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Public Private Entanglements: Global Health Assemblages and the Right to Healthcare in Nepal

David Citrin 

University of Washington

 

Abstract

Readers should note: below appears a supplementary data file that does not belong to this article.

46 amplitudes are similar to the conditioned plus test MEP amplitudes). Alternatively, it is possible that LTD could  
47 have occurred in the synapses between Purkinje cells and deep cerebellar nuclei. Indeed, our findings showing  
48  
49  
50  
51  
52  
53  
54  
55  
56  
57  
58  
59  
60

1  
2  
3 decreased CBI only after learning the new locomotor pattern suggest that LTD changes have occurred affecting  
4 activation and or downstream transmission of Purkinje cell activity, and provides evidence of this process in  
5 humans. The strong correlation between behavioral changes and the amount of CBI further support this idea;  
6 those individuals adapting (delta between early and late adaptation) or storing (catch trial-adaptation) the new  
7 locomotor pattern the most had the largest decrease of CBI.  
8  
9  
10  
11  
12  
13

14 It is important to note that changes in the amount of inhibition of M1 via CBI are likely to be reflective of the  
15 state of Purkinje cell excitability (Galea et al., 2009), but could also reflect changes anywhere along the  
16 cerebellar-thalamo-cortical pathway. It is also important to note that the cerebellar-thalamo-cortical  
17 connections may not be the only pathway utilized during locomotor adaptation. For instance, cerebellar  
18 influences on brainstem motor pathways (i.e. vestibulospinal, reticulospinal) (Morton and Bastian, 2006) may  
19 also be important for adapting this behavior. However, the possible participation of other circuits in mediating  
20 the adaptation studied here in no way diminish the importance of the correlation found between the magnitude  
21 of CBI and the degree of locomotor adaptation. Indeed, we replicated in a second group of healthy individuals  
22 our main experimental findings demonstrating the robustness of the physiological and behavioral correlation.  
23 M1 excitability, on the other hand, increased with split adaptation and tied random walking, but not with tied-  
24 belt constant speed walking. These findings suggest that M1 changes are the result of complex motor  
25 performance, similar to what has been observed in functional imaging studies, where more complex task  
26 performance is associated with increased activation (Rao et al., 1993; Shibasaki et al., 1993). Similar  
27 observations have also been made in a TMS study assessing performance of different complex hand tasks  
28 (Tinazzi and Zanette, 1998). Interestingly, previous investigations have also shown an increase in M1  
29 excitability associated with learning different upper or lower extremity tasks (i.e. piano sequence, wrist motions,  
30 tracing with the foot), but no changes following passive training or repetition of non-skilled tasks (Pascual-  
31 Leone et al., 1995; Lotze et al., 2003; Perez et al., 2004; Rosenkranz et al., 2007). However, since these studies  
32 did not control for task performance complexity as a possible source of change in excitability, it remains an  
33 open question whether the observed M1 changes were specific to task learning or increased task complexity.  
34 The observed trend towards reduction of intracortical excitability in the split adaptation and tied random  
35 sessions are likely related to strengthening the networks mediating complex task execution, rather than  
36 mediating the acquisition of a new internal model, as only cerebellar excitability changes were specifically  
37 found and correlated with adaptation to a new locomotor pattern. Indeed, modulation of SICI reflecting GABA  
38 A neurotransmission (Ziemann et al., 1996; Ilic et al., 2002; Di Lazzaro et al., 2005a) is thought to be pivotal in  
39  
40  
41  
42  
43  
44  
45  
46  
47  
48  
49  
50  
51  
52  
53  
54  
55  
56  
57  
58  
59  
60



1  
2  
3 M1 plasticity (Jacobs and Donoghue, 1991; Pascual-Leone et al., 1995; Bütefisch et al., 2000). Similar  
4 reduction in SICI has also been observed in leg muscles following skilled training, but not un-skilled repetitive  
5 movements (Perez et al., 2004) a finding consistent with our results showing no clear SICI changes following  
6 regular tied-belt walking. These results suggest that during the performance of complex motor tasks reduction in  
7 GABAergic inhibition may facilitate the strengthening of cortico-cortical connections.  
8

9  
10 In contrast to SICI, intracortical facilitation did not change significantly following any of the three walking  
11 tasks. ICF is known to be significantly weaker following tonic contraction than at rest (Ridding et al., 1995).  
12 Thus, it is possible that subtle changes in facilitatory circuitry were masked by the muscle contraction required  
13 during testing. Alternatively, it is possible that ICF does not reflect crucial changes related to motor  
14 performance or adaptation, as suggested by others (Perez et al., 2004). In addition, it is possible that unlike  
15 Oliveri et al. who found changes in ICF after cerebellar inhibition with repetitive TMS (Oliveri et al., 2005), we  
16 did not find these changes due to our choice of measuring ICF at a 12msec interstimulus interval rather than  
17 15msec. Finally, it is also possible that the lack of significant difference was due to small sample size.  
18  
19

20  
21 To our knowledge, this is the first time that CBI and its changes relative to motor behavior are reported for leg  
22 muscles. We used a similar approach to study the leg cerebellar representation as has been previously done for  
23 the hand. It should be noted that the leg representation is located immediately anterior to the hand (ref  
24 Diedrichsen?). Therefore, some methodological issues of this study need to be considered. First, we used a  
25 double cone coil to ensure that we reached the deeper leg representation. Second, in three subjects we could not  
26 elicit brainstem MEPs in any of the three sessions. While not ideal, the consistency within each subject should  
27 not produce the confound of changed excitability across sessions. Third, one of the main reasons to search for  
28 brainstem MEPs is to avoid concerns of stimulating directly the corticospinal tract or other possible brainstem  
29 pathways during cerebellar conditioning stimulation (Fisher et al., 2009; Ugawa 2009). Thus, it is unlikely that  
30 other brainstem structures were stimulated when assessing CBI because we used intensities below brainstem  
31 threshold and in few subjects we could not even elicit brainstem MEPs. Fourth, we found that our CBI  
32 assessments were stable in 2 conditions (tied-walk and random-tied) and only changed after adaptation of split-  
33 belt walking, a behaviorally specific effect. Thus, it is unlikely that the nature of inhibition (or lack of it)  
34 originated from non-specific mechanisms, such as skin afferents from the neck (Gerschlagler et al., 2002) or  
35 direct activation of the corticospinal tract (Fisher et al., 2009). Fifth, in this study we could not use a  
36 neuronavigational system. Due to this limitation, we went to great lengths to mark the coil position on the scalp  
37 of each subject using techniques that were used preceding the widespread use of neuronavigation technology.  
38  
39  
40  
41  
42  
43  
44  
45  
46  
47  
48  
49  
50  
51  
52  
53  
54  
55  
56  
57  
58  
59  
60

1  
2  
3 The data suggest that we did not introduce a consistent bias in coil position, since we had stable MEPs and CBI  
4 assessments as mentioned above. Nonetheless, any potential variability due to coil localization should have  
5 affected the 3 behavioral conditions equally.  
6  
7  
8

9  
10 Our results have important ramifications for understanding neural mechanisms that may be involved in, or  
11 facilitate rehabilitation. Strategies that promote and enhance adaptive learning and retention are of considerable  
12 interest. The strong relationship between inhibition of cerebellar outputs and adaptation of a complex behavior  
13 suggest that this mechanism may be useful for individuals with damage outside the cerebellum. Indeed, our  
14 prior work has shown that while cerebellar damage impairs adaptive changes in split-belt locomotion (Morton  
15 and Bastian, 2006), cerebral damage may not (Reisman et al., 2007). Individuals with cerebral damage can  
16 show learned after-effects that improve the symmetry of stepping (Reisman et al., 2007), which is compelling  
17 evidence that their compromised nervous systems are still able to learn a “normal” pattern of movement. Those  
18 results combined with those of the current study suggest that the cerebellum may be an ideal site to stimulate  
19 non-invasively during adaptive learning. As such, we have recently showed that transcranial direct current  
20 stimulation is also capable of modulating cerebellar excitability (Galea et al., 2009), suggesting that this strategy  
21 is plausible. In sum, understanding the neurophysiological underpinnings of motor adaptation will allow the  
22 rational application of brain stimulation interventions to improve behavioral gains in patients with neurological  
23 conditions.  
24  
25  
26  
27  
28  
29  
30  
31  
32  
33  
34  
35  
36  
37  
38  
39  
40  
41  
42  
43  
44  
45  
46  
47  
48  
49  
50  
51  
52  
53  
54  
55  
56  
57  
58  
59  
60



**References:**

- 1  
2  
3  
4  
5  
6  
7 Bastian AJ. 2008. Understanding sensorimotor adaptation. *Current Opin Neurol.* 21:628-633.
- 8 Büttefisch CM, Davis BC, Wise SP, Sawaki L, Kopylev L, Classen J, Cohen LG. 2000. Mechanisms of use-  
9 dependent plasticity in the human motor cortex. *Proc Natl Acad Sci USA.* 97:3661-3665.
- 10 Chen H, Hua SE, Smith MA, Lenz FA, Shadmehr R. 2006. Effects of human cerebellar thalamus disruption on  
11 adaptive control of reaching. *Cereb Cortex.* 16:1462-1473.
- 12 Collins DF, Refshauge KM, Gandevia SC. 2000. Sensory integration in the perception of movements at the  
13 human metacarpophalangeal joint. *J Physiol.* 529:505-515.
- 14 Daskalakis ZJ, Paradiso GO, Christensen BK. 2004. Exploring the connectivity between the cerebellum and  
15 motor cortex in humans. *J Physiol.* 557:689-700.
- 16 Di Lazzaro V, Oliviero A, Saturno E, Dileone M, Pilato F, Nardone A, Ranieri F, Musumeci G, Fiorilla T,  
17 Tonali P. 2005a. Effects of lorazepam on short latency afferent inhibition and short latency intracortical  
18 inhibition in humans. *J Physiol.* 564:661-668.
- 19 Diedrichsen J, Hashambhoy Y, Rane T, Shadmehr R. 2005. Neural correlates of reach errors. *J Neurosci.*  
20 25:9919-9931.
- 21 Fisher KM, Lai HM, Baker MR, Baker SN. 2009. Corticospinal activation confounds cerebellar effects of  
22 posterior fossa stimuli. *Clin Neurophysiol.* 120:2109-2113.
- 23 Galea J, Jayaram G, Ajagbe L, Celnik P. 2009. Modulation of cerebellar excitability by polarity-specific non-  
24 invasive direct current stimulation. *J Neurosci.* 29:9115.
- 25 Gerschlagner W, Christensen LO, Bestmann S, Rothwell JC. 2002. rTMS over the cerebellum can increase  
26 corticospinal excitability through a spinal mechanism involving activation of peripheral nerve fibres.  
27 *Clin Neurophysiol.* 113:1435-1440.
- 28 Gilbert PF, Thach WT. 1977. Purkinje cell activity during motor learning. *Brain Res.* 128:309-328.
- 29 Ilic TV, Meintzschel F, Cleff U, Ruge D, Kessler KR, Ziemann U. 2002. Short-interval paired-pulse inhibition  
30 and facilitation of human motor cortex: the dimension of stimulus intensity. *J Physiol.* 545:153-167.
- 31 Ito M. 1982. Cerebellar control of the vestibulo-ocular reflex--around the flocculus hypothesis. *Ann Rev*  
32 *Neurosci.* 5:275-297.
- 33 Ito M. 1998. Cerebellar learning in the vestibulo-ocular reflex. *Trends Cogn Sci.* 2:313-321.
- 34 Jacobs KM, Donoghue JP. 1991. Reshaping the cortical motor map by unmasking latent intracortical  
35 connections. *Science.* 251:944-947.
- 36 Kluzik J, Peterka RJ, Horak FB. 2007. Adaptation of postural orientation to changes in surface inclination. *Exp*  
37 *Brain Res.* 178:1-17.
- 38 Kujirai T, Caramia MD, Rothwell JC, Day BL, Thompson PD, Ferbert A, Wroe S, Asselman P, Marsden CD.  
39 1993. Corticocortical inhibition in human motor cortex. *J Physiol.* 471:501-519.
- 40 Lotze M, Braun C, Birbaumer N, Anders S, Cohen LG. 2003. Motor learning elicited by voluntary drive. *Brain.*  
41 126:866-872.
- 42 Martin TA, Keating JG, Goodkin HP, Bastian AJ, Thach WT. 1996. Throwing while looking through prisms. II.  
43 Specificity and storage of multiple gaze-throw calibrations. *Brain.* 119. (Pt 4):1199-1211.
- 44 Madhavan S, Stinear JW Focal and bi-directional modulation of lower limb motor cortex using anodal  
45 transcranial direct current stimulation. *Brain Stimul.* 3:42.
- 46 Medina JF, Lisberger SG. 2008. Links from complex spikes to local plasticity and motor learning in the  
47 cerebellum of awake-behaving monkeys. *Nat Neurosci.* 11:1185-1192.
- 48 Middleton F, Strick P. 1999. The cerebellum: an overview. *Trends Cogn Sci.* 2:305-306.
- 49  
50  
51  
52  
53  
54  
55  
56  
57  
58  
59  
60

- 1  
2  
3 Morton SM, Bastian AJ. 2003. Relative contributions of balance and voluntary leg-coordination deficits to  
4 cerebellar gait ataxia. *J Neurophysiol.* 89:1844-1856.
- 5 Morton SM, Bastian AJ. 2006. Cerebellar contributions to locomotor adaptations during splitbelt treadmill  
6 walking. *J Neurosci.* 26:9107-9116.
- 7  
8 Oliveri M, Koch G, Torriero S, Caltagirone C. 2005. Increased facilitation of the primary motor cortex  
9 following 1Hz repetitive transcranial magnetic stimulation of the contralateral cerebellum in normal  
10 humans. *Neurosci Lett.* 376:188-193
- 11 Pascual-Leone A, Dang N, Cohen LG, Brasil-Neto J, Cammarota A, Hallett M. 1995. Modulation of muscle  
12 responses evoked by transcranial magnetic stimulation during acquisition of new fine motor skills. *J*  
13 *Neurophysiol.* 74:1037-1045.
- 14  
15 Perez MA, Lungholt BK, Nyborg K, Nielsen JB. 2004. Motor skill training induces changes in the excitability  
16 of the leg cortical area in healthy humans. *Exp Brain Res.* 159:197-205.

In 1995, Dr. Hemang Dixit wrote in his book Nepal’s Quest for Health that, while “some health services are provided by NGOs, health care delivery is by and large a government affair.” This is no longer the case. Against the backdrop of Nepal’s complex healthcare sector, increasingly dominated by fee-for-service healthcare providers, Public-Private-Partnerships (PPPs) have become a popular model of collaboration between a growing range of actors. These include multinational institutions, non-governmental organizations (NGOs), public and private medical colleges, commercial entities, research laboratories, pharmaceutical companies, philanthropic donors, development agencies, and branches of government. The sometimes fuzzy definitional and operational boundaries between various kinds of partnerships—as well as their potential breadth in scope, form, and composition—make them appealing arrangements in the emergent field of “global health.” Yet these assemblages also raise important questions about the very nature of what is, or becomes, public or private. Further, what are the shifting boundaries of the concept of “partnership” when these collaborations are forged across such staggering inequalities? How should we measure the “impact” of such partnerships, and who gets to define these terms? Drawing on my experience working in a public-private-partnership in Nepal, and my longer-term research on the country’s shifting healthcare landscape over the past sixteen years, I offer an ethnographic discussion of the fragile and contested spaces of public private partnership in Nepal. I discuss the power dynamics, potential, and pitfalls of these partnerships, as well as the implications for strengthening Nepal’s national healthcare system.